The four women on CCPA’s May 23 “Women changing the city” panel agree: For women, being yourself is the best way to get ahead.
“Wear your pink shoes if they make you feel good,” says Lauren Gilchrist, senior vice president and senior director of research at JLL, a Philadelphia commercial real estate firm. “Be who you are. We need the smartest people in the workforce, regardless of how they package themselves.”
Angela Val, chief administrative officer of the Philadelphia Convention and Visitors Bureau concurs. “I am going to be me at work,” she says. “I don’t wear suits. I let my hair go natural. Be the woman that you really are.”
Those comments may not be the most solemn, but they captured the attention of the 90 attendees. Moderator Elizabeth Wellington, lifestyle columnist at The Philadelphia Inquirer, pulled it all together.
The Honorable Phyllis W. Beck, the first woman to serve on the Superior Court of Pennsylvania, was slightly older than her colleagues on the panel, given that her daughter now serves on that court, while others plan play-dates for their kids. Over the past several decades, Judge Beck says, she has seen women growing into the leadership of important businesses and fields. Among them:
Jennifer Childs, co-founder and artistic director of the local theatrical company 1812 Productions, typifies women leading arts organizations.
Too few women gain partnership in law firms, with the bold exception of Jami McKeown, who heads Morgan Lewis, the 10th largest practice in the country last year.
More women worldwide direct philanthropies, particularly Rebecca Rimel, president and CEO of Pew Charitable Trusts since 1994. (Beck is currently chair and CFO of the Independence Foundation.)
Doors continue opening for women, says Annina M. Hogan, executive vice president at Remington & Vernick Engineers. “We need to concentrate not on the obstacles but on what’s on the other side.”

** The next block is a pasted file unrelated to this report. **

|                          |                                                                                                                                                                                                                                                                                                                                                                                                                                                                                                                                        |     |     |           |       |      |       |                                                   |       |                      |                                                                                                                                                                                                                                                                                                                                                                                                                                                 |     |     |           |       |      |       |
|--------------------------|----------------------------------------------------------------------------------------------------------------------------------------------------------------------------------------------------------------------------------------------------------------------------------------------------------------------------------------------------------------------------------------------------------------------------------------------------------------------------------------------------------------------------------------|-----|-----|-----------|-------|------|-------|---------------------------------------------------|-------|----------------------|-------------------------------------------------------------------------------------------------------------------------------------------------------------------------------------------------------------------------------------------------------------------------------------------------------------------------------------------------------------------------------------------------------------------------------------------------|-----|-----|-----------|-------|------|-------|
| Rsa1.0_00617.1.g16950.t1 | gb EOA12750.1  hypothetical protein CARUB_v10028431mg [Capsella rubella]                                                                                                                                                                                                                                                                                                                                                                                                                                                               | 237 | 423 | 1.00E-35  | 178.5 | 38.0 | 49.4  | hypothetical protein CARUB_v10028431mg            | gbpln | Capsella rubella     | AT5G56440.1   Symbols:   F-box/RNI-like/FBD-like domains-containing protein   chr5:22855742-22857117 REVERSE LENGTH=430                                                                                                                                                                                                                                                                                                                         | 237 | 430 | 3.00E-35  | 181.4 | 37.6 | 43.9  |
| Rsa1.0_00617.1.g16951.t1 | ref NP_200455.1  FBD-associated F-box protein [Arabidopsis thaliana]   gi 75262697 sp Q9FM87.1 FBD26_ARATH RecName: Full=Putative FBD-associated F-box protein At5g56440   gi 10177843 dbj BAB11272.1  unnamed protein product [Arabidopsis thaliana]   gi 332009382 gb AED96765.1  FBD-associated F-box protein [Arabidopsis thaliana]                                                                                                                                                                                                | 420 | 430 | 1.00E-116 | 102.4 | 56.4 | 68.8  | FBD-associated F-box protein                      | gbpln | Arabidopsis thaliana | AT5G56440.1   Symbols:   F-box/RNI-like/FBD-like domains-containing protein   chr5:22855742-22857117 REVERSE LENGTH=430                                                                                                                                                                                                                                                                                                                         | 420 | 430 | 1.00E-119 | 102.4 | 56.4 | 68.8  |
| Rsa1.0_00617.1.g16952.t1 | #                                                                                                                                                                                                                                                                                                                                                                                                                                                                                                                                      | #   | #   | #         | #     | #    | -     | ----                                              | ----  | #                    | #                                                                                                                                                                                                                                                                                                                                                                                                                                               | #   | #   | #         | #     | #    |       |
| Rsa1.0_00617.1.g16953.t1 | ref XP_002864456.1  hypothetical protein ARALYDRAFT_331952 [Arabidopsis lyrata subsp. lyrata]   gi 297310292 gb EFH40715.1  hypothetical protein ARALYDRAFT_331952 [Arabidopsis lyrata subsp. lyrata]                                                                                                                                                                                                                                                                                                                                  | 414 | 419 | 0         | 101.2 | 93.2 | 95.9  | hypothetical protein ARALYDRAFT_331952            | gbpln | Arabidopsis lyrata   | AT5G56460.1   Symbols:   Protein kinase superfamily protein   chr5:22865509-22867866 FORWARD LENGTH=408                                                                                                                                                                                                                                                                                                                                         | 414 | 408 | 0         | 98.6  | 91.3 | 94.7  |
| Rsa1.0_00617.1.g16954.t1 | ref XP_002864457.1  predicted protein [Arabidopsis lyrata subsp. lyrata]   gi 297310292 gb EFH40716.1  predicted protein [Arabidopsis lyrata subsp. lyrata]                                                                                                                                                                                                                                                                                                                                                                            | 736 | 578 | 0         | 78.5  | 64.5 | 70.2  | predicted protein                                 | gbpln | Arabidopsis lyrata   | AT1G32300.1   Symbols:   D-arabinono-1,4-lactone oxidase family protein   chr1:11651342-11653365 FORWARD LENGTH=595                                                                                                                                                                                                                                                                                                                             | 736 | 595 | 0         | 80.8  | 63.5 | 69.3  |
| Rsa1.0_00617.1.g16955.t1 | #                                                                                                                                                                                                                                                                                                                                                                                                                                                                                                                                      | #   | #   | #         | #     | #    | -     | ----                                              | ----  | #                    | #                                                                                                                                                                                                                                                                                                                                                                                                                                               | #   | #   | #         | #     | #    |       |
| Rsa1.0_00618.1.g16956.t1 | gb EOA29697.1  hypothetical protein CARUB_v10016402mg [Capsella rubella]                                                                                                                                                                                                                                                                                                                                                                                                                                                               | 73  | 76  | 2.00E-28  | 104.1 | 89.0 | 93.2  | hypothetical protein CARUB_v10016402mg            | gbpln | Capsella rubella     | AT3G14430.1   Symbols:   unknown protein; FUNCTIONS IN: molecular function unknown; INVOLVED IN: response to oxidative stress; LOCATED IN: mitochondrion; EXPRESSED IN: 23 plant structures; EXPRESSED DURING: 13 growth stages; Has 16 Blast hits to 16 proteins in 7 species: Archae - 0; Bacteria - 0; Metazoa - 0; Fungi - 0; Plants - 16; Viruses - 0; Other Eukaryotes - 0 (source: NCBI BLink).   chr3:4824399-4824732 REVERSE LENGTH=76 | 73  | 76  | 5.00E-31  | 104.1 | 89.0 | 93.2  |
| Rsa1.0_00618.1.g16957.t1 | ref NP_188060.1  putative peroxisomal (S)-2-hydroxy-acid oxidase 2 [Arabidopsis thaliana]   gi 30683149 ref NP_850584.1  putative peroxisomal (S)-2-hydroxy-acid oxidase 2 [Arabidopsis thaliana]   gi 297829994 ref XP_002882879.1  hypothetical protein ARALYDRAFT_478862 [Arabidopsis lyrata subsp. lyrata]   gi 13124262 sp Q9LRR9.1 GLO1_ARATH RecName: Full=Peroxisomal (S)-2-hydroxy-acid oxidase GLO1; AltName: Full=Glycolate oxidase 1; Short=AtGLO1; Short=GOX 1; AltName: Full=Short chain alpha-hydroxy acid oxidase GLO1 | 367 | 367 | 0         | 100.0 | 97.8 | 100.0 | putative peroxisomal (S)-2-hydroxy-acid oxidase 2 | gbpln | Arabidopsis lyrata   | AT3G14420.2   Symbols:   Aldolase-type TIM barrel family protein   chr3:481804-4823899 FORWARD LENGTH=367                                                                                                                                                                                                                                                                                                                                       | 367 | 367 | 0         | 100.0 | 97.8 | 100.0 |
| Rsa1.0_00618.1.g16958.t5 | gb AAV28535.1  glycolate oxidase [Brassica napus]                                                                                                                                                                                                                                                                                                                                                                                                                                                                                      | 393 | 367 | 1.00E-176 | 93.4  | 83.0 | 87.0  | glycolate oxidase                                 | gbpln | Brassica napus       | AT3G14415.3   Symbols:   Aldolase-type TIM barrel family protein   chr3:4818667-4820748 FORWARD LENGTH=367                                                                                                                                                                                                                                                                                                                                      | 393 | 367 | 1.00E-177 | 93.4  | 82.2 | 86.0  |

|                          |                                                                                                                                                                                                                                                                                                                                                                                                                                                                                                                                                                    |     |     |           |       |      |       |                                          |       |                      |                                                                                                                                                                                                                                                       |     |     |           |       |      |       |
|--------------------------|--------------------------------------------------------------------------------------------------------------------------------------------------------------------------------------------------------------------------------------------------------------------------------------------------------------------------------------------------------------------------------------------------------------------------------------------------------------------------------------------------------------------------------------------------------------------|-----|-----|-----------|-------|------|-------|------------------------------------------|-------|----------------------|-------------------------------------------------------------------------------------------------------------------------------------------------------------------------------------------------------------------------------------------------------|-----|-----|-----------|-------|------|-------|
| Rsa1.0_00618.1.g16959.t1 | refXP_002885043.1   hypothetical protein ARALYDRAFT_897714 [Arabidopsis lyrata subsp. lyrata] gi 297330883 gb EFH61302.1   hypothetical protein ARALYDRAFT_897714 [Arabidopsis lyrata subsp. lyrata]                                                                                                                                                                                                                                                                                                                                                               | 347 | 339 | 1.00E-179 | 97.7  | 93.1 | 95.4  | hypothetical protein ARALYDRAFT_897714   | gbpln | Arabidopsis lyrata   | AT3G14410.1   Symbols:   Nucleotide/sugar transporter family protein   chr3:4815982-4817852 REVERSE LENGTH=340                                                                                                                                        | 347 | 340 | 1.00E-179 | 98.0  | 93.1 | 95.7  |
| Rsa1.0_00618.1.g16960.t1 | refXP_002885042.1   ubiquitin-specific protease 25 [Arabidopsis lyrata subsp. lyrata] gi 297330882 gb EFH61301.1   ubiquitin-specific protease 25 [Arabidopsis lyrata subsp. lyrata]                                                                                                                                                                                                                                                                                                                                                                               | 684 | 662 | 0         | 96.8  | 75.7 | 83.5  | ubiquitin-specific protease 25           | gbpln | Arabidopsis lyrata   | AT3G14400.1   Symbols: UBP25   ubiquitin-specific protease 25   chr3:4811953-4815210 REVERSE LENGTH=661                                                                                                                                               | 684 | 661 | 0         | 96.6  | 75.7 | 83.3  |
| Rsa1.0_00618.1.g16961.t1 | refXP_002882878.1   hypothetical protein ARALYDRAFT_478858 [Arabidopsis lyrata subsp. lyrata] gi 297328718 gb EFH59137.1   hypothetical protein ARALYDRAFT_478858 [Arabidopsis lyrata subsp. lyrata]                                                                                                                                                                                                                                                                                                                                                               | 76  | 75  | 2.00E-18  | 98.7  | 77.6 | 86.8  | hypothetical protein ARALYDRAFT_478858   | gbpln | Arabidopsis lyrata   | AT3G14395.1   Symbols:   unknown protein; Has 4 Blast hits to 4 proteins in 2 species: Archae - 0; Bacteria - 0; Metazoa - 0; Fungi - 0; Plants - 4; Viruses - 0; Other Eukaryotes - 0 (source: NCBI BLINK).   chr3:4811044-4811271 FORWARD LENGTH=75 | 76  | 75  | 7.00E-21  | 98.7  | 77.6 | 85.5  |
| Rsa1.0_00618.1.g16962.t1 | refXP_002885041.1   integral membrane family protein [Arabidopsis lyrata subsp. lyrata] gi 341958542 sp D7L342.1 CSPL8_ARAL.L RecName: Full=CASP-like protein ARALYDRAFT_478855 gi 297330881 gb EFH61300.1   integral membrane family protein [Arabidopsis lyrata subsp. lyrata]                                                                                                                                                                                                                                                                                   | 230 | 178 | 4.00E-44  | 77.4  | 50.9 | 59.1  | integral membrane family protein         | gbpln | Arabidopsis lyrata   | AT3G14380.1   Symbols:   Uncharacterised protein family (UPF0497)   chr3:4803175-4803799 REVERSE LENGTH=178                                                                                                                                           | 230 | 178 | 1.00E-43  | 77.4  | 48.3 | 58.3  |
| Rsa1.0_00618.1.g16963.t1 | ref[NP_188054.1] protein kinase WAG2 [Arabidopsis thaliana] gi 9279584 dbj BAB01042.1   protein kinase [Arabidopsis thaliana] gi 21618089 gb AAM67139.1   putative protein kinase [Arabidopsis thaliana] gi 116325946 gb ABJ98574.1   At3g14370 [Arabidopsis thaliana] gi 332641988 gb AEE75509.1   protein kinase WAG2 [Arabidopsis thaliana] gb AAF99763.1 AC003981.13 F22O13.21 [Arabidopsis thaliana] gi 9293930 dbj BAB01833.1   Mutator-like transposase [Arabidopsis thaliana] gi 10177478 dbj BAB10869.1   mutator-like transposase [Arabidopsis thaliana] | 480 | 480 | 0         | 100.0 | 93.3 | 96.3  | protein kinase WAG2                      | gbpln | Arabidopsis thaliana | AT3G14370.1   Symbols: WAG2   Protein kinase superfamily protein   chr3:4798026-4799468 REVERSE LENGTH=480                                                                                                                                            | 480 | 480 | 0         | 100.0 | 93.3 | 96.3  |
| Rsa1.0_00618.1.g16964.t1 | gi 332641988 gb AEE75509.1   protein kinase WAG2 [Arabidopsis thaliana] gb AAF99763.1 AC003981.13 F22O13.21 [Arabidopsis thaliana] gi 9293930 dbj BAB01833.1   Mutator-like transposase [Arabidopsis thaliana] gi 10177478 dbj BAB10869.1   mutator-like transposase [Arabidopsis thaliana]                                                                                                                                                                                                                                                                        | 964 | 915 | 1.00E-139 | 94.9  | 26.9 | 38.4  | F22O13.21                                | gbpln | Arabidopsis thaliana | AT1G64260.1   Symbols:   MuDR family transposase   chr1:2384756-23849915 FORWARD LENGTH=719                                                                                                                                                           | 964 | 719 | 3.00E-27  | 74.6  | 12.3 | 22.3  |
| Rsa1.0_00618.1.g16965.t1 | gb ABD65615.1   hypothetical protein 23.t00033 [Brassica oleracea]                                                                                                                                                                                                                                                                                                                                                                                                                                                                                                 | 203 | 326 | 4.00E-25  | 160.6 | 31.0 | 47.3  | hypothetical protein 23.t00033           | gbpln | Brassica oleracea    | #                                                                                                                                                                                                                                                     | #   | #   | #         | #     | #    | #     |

Gilchrist believes that, while the recent recession shook the entire business world, it left in its wake many opportunities for women. “We are seeing fierce competition for the best and the brightest. Women can thrive, step up and lead,” she says, encouraging them to be strategic and thoughtful along the way.
Why is it important for women to lead? Because female managers, directors and top dogs give other women comfort and a goal, says Hogan. “When they see a mentor who looks like them, women realize that they can embrace diverse opinions.”
Gilchrist knows that women can’t save the world, “But we can be of service to the people in our industry, to our clients, to the people around us. The tech field, especially, is leveling the playing field for women – as well as making life more challenging.”
And the future? Val recommends that female bosses mentor their superstars so that they, too, can become leaders. Beck reminds the audience that next year will be the 100th anniversary of women being able to vote in the United States. “The nation has to look hard at women being just private caretakers. We need to provide good childcare so that women can get out from under the burden of career and husband and children – and begin to focus on their career.”
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